Advocacy–for–Cure Grant Programme

Undeniably progress has been made in supporting the advocacy demands of resource-limited settings in countering the cross-cutting societal issues which arise in locales and their communities affected by HIV. However, a pressing need to foster the advocacy capabilities of local, in-country actors persists.

Acting as a subsidiary of the Advocacy-for-Cure Academies and in continued collaboration with AVAC, the Advocacy-for-Cure Grant Programme seeks to realize these ambitions by providing the necessary means and resources for effective, localized advocacy projects to take place.

Three Advocacy-for-Cure grants are awarded to select advocacy organizations through the academy alumni, who are invited to submit a proposal requesting up to $15,000 to implement a nine-month project. Grants are awarded on the basis that their proposed action implements advocacy strategies to build and/or support HIV cure research in-country; proliferates advocacy networks and translational tools in local contexts; and increases access to HIV cure education and information for clients, advocates and healthcare providers alike.

Outcomes of the selected advocacy projects will be presented and discussed at the 23rd International AIDS Conference (AIDS 2020), in San Francisco & Oakland, United States,

Meet the grantees

Philister Adhiambo Madiega

What is your motivation for becoming an HIV cure advocate?

My motivation to advance the course of the HIV cure field is inspired by the promise that a safe and effective HIV cure is our best hope of ending the pandemic forever. I will not let up until that cure is realized or until HIV falls. I would like to make a stride that matters, provide hope to people living with HIV, especially the marginalized and adolescent populations; voice issues on non-disclosure, adherence, stigma, discrimination & criminalizing laws and policies; negotiate for social spaces to discuss challenges & existing barriers; and be an advocate who appreciates that cure may be a combination of approaches to eradicate HIV.

What is the aim of your Project?

TUMAINI (Swahili for “hope”) Kenya intends to increase literacy, uptake and acceptance of HIV cure research among sex workers, healthcare providers, stakeholders and affected communities at large in in Kisumu, Kenya. The project commits to exploring and understanding the perspectives of sex workers and healthcare providers to gain a more holistic comprehension of the current barriers in place to the implementation of cure strategies. Ultimately, the project’s aim is to improve current knowledge, develop community-driven mechanisms to support the HIV cure field, and identify effective tools to advocate for an HIV cure.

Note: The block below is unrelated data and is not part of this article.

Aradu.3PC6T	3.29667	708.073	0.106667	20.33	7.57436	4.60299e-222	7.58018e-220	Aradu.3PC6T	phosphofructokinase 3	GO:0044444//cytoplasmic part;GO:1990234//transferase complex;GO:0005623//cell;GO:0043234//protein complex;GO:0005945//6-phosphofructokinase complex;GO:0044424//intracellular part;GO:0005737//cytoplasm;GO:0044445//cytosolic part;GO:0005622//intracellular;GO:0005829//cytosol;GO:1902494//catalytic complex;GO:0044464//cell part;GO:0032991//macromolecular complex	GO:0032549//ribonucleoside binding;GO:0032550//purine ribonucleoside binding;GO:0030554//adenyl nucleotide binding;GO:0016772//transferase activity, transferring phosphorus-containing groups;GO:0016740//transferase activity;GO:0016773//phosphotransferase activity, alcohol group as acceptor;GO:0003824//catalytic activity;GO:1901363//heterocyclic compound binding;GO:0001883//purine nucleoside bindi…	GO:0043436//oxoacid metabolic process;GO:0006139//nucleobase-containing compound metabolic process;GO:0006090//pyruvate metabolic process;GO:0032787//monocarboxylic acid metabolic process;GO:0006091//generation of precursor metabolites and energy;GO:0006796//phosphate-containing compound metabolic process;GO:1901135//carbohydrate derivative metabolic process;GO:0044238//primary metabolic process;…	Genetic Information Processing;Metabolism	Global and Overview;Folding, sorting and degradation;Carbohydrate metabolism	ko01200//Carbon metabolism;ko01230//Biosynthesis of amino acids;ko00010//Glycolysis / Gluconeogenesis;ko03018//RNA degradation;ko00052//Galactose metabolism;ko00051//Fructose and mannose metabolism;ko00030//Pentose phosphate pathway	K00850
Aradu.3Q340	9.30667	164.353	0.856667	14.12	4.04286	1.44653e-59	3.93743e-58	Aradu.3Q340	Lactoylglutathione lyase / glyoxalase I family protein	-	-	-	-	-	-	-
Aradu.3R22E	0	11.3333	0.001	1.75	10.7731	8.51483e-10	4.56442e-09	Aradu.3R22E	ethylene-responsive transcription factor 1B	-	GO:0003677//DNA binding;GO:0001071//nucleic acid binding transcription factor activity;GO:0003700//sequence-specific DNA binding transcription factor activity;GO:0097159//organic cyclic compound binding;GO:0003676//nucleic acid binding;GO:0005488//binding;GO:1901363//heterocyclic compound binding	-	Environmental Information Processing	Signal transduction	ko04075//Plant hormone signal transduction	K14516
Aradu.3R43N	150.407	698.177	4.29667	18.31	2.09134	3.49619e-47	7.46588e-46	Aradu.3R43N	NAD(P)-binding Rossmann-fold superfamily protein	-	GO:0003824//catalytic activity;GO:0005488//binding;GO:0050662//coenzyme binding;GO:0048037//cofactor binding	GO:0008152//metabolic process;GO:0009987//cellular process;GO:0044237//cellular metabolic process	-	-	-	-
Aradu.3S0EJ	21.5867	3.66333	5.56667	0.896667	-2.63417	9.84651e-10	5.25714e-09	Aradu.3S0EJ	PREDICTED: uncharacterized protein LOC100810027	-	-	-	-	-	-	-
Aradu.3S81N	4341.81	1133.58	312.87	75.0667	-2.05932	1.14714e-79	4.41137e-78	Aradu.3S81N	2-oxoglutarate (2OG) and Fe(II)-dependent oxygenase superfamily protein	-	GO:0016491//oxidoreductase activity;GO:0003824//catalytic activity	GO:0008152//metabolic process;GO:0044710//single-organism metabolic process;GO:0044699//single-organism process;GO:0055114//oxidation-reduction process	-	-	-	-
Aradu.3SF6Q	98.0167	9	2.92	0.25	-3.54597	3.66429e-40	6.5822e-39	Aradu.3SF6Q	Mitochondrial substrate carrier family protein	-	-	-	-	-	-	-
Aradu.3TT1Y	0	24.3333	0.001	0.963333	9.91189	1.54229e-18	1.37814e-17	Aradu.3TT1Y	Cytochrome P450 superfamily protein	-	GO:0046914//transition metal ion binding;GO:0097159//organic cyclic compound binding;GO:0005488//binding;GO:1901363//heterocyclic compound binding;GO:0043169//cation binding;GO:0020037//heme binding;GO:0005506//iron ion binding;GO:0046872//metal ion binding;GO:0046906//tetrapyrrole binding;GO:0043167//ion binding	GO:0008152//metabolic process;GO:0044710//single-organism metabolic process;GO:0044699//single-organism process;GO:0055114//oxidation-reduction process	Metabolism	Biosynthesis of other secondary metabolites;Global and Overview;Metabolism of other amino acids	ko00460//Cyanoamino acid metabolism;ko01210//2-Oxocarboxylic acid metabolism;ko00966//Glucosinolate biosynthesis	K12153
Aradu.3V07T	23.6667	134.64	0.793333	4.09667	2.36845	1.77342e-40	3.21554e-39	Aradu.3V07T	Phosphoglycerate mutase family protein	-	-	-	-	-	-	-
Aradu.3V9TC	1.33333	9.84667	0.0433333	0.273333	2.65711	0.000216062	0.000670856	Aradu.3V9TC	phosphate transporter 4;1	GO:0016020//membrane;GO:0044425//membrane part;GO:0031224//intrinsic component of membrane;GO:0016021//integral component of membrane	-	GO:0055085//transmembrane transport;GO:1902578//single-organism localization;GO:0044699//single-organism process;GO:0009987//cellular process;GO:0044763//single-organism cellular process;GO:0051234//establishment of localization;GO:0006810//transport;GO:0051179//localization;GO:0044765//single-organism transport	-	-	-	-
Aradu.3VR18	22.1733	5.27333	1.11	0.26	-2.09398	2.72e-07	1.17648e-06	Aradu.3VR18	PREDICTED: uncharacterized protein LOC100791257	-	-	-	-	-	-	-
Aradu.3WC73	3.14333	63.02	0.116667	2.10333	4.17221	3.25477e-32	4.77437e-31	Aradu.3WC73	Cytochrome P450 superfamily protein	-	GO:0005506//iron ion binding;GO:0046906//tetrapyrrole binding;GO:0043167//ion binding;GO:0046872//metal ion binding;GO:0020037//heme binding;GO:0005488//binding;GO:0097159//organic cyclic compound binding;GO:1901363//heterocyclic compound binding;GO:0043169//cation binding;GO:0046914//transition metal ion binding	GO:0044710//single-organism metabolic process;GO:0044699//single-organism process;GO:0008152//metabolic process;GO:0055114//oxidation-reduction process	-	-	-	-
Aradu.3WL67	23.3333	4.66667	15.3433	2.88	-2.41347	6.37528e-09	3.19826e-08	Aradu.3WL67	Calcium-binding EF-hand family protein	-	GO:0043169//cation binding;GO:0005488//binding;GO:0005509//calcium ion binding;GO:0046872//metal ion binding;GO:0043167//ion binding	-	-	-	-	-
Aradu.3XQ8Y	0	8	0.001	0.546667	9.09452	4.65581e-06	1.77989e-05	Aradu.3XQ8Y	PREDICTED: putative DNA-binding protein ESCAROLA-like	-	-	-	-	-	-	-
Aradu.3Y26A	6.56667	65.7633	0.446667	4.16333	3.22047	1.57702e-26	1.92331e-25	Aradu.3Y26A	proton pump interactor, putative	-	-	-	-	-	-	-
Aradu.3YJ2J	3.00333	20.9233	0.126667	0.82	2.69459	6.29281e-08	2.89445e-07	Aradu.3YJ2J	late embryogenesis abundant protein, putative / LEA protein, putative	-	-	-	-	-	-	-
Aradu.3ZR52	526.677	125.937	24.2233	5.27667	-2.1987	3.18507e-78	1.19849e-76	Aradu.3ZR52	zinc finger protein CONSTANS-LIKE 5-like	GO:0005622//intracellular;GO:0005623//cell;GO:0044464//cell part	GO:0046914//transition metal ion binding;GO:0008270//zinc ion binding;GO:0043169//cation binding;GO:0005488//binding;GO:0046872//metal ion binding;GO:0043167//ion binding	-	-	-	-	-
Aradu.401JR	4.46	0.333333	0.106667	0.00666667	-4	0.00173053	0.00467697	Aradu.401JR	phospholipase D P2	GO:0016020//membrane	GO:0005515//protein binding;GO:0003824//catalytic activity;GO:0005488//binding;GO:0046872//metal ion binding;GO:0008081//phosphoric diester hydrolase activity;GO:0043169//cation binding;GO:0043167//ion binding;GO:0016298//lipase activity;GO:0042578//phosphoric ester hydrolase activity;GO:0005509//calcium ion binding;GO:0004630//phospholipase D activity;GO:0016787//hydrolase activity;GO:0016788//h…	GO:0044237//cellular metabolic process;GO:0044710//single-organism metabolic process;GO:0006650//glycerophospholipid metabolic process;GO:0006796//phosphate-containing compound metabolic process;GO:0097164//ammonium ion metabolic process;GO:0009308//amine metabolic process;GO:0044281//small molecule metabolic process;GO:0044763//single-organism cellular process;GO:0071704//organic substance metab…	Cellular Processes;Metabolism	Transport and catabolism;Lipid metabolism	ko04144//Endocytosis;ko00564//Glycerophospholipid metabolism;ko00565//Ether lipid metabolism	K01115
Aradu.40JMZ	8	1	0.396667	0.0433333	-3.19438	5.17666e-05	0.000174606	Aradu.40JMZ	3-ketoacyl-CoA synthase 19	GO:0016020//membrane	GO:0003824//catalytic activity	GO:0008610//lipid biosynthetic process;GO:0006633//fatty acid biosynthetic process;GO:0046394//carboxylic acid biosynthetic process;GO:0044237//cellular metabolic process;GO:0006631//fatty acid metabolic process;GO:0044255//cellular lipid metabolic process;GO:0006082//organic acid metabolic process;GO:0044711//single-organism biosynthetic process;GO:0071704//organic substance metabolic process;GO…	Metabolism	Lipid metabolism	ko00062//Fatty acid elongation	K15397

Country
Kenya
Organization
Kenya Medical Research Institute – CRS

Owen Mulenga

What is your motivation for becoming an HIV cure advocate?

As an HIV positive person, I always want to be part of the activists who will advocate for the government to increase resources towards research for HIV cure and vaccine. In addition, as a community health advocate and HIV treatment adherence counselor in Kafue, I have failed to answer questions from patients who want to understand how long it will take for an HIV cure to be developed and available. I want to be able to provide my clients, and the broader community, up to date and accurate information on the status of HIV cure research.

What is the aim of your Project?

Stand Up for HIV Cure Research in Zambia aims to create a network of well-informed stakeholders and communities in Zambia, particularly recipients of care, advocates and healthcare providers, who are able to support civic leaders by equipping them with the necessary tools to achieve policy changes related to HIV cure research, and in turn hold them accountable for these changes.

Country
Zambia
Organization
Treatment Advocacy and Literacy Campaign (TALC)

Josephine Nabukenya

What is your motivation for becoming an HIV cure advocate?

Crucial to my role is the need to be well informed on the latest advances in the HIV cure field, hence my motivation is the hope that we instill in all young people up-to-date and accurate information on the current status of HIV cure research and the strategies being pursued. This information is not accessible everywhere, yet there is such thirst for it, especially among young people living with HIV.

What is the aim of your Project?

The Facility to National and National to Facility project (FNNF) seeks to support Cure programmes and provide accurate information about HIV cure strategies through on-site facility sessions and animated short video clips, which will be shared on different social media platforms. The project targets the general population of Uganda, with adolescents and young people being its main focus.

Country
Uganda
Organization
Makerere University – John Hopkins University (MUJHU)
 

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